Great Danes began as a hunting breed, so they had to hunt with both nose, eyes, and ears. They are often very, very aware of things in their environment.
But most any puppy’s intelligence can be stimulated enough to learn at least some colors, numbers, and written words. The more you work with them, reward them, let them investigate and generally be puppies with a future purpose, the smarter they get.
The trick is to start young (8-16) weeks, and allow them to use all their senses to “back up the hard drive”. In other words, a red candle can smell like cinnamon, or a favorite apple treat which can help the color red stick in their memory.
The puppy will need to know certain “trained” behaviors, like touching with a nose, or find it games. But once they can show you they understand, it’s off to the races! Don’t underestimate a puppy’s ability to learn before 16 weeks!
A puppy can certainly learn to recognize colors, which comes in handy when they need later to tell the difference between a half gallon of whole milk and and a half gallon of skim milk at the grocery. It’s as simple as construction paper, treats, and items they already know that are those colors.
Place 2 different colored papers on the floor, place a treat on one of them. When the pup goes for the treat the color fills their visual field. Say the name, they munch the treat, and do it again 2 or three more times.
If you need to practice it some more, you can lure the pup to that color with a treat in your hand, say the word, then drop the treat on the paper.
You can do two colors at a time if you think your pup is sharp enough to remember two a day. Or teach one new color a day, but make sure to add a colored paper there you’ve done before so you know they can differentiate between them.
Once they reliably indicate the right color, you can add to that knowledge by saying “red candle” or “blue candle”, letting them then differentiate between the two with plenty of rewards–they have a foundation to help them select all sorts of groceries, tell red lights from green lights, and handle our human, highly visual world much better.
A puppy can also devolop visual number and letter recognition, to take you straight to aisle 7, or section B5 in a big parking lot. Remember flash cards when you were a kid? Well, this is more fun–recognizing #2 comes with a click and a lick of cream cheese! Wish my math learning had been that rewarding!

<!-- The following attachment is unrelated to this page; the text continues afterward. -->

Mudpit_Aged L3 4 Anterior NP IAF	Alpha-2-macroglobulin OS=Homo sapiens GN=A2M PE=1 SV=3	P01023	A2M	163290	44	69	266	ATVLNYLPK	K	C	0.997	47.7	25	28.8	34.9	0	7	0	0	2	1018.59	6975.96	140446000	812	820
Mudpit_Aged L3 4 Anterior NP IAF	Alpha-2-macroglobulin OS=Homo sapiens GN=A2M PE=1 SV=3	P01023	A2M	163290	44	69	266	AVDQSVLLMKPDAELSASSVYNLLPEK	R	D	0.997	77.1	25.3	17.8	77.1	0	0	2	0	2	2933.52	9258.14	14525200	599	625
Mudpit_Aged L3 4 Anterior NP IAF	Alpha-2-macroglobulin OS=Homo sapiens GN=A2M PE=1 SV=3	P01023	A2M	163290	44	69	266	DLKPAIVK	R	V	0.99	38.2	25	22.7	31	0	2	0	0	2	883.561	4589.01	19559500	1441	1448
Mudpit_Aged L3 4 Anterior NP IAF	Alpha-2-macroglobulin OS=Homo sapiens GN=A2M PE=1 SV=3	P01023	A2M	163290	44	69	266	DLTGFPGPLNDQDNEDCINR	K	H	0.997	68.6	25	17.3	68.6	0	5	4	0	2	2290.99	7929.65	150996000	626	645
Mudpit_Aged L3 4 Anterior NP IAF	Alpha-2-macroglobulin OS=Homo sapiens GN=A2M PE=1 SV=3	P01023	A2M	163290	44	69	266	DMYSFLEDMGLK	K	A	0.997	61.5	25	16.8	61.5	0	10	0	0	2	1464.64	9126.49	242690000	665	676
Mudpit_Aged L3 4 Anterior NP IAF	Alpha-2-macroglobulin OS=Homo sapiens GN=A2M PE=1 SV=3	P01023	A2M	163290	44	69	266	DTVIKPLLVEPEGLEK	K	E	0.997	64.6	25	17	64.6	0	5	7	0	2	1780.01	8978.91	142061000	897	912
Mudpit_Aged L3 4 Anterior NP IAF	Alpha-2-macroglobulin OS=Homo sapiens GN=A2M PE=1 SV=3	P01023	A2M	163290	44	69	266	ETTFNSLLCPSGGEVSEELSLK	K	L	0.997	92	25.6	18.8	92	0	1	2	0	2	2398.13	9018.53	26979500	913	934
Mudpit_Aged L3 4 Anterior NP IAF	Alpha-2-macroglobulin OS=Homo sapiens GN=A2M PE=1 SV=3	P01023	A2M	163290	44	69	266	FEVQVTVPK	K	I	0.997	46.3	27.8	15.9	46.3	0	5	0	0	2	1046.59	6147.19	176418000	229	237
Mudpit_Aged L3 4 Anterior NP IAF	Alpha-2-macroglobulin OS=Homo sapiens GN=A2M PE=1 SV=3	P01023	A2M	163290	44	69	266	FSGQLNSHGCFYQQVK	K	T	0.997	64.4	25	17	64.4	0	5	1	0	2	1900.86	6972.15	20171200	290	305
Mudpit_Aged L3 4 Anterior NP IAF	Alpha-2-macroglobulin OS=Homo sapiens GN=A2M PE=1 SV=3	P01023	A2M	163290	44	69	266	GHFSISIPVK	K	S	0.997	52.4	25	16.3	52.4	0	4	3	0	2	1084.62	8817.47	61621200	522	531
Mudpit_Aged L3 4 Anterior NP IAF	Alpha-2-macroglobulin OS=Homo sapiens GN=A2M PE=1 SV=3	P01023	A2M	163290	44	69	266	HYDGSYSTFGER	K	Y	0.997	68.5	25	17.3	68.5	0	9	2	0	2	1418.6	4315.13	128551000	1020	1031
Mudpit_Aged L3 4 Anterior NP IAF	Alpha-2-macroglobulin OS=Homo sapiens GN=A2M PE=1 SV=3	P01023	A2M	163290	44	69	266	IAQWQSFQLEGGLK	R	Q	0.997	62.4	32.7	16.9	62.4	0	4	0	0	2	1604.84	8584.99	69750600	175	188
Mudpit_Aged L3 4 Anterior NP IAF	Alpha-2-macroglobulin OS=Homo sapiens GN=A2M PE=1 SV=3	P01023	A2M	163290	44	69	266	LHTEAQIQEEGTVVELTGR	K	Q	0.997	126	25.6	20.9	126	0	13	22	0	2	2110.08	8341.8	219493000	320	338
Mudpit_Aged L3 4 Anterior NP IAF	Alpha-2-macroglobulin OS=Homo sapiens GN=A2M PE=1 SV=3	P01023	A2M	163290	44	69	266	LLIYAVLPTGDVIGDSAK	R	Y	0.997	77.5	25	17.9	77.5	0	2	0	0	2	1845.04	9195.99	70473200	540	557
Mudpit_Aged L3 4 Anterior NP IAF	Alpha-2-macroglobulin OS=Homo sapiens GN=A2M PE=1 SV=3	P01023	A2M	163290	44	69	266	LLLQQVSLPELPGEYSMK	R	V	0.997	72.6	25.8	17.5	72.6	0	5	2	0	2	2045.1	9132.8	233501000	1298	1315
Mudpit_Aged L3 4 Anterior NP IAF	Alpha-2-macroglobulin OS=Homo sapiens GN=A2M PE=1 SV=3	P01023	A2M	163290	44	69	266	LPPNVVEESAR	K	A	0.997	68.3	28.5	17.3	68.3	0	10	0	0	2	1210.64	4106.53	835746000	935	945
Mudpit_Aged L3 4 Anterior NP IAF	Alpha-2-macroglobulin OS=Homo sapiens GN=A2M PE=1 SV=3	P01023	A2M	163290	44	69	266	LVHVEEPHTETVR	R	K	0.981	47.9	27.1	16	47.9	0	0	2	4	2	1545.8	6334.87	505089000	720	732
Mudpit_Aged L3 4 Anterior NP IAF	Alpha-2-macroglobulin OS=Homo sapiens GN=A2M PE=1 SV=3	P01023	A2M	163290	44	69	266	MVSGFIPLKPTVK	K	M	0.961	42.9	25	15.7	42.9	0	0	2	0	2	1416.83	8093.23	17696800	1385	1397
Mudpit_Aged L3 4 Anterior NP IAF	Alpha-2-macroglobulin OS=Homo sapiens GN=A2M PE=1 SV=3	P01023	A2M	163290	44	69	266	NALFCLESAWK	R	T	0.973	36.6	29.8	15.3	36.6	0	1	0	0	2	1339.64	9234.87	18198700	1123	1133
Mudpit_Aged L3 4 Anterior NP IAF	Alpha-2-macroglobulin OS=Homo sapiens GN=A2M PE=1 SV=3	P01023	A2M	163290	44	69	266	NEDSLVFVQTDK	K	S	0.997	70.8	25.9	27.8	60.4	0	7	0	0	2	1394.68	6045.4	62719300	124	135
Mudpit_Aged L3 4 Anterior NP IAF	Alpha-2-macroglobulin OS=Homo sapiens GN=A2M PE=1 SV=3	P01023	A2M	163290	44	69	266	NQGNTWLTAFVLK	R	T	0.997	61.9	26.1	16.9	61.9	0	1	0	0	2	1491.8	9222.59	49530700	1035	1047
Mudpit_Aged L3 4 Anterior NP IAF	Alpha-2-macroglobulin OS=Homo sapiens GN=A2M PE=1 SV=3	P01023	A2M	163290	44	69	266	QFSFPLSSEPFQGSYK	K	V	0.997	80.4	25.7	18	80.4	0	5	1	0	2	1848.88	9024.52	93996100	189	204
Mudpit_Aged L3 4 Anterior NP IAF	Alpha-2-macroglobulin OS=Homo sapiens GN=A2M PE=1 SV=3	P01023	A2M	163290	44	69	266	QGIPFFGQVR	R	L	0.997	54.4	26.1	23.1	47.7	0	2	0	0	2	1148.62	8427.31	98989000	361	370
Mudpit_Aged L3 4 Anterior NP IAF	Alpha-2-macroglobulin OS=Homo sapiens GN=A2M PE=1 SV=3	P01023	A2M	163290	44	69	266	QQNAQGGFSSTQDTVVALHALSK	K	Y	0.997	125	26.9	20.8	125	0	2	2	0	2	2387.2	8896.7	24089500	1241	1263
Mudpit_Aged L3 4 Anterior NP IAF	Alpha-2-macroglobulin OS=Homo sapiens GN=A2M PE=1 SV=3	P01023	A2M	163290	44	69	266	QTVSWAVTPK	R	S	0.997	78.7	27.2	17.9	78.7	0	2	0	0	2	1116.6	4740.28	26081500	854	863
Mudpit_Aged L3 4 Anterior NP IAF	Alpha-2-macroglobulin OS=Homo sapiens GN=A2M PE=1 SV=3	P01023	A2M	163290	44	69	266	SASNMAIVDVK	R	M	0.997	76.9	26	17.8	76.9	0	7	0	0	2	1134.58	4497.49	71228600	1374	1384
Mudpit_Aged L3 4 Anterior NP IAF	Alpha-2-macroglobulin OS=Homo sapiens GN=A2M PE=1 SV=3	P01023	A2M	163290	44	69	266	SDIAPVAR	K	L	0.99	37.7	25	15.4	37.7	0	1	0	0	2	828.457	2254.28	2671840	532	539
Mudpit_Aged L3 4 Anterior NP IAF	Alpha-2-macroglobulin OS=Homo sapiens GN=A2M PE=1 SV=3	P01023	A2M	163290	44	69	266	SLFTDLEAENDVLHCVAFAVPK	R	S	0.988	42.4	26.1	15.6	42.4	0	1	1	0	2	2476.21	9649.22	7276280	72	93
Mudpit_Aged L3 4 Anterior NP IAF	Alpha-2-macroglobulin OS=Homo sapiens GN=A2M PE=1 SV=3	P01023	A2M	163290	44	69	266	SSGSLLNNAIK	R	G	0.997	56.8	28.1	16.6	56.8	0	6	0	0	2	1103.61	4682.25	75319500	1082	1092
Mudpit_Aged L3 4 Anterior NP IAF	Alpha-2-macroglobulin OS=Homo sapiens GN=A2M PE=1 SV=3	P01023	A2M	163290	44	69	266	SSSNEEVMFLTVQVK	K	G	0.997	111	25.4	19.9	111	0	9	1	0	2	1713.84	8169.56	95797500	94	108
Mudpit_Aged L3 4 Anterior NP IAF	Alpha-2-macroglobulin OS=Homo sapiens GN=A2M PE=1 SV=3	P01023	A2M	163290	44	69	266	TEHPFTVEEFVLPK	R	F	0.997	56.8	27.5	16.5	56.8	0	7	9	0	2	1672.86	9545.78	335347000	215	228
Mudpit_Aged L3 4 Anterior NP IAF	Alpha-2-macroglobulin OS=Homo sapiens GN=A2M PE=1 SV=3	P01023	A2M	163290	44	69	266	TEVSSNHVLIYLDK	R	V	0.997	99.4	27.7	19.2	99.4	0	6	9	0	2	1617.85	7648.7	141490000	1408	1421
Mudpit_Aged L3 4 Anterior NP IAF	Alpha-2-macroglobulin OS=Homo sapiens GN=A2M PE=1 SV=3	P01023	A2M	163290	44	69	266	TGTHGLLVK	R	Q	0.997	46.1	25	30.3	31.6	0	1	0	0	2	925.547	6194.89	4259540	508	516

It’s the same basic idea as learning colors, since they are both a visual exercise. Use very big bold numbers on a large paper, and do the treat drop and verbal word. When they have learned that number, “practice” by putting big numbers on a piece of paper, tape it to the wall, and let them sort your laundry with you!
Practice some more by using a fat marker to write numbers on a box, and let them find their dried liver in it! Play the number games inside, outside, upstairs, downstairs, at the neighbor’s and anywhere else your puppy’s comfortable enough to concentrate.
Teach letters the same way if your activities will often have combinations of letters and numbers, like parking lot sections. You can even use a set of soft knitted baby blocks to nose/click/treat and play with. Send them for toy F and they don’t really know they’ve learned a letter!
Pups can indeed “read”, though they won’t be sitting down with a cup of tea to get through “War and Peace”. They can visually recognize shapes on signs like “exit”, or written words like “Tylenol”.
Whether they already know what a jar of peanut butter is or not, get it out and let them have a lick just ’cause they’re so cute! Write PB big and bold on a paper and use it like flash cards: show the card, say “peanut butter”, and give them a lick.
Repeat until they are reacting to the flash card, then let them touch the jar before they get a taste. Set a jar of something else there beside it, and see do they know the difference. If not, practice PB with that other jar there awhile. They’ll catch on!
Many service dogs will need to guide their handler to an exit, so teach them exit signs. Odds are you’ll need a guide dog to find a bathroom at some point so teach them “ladies” or “mens” or the symbols found on public bathrooms. Whatever you need them to find!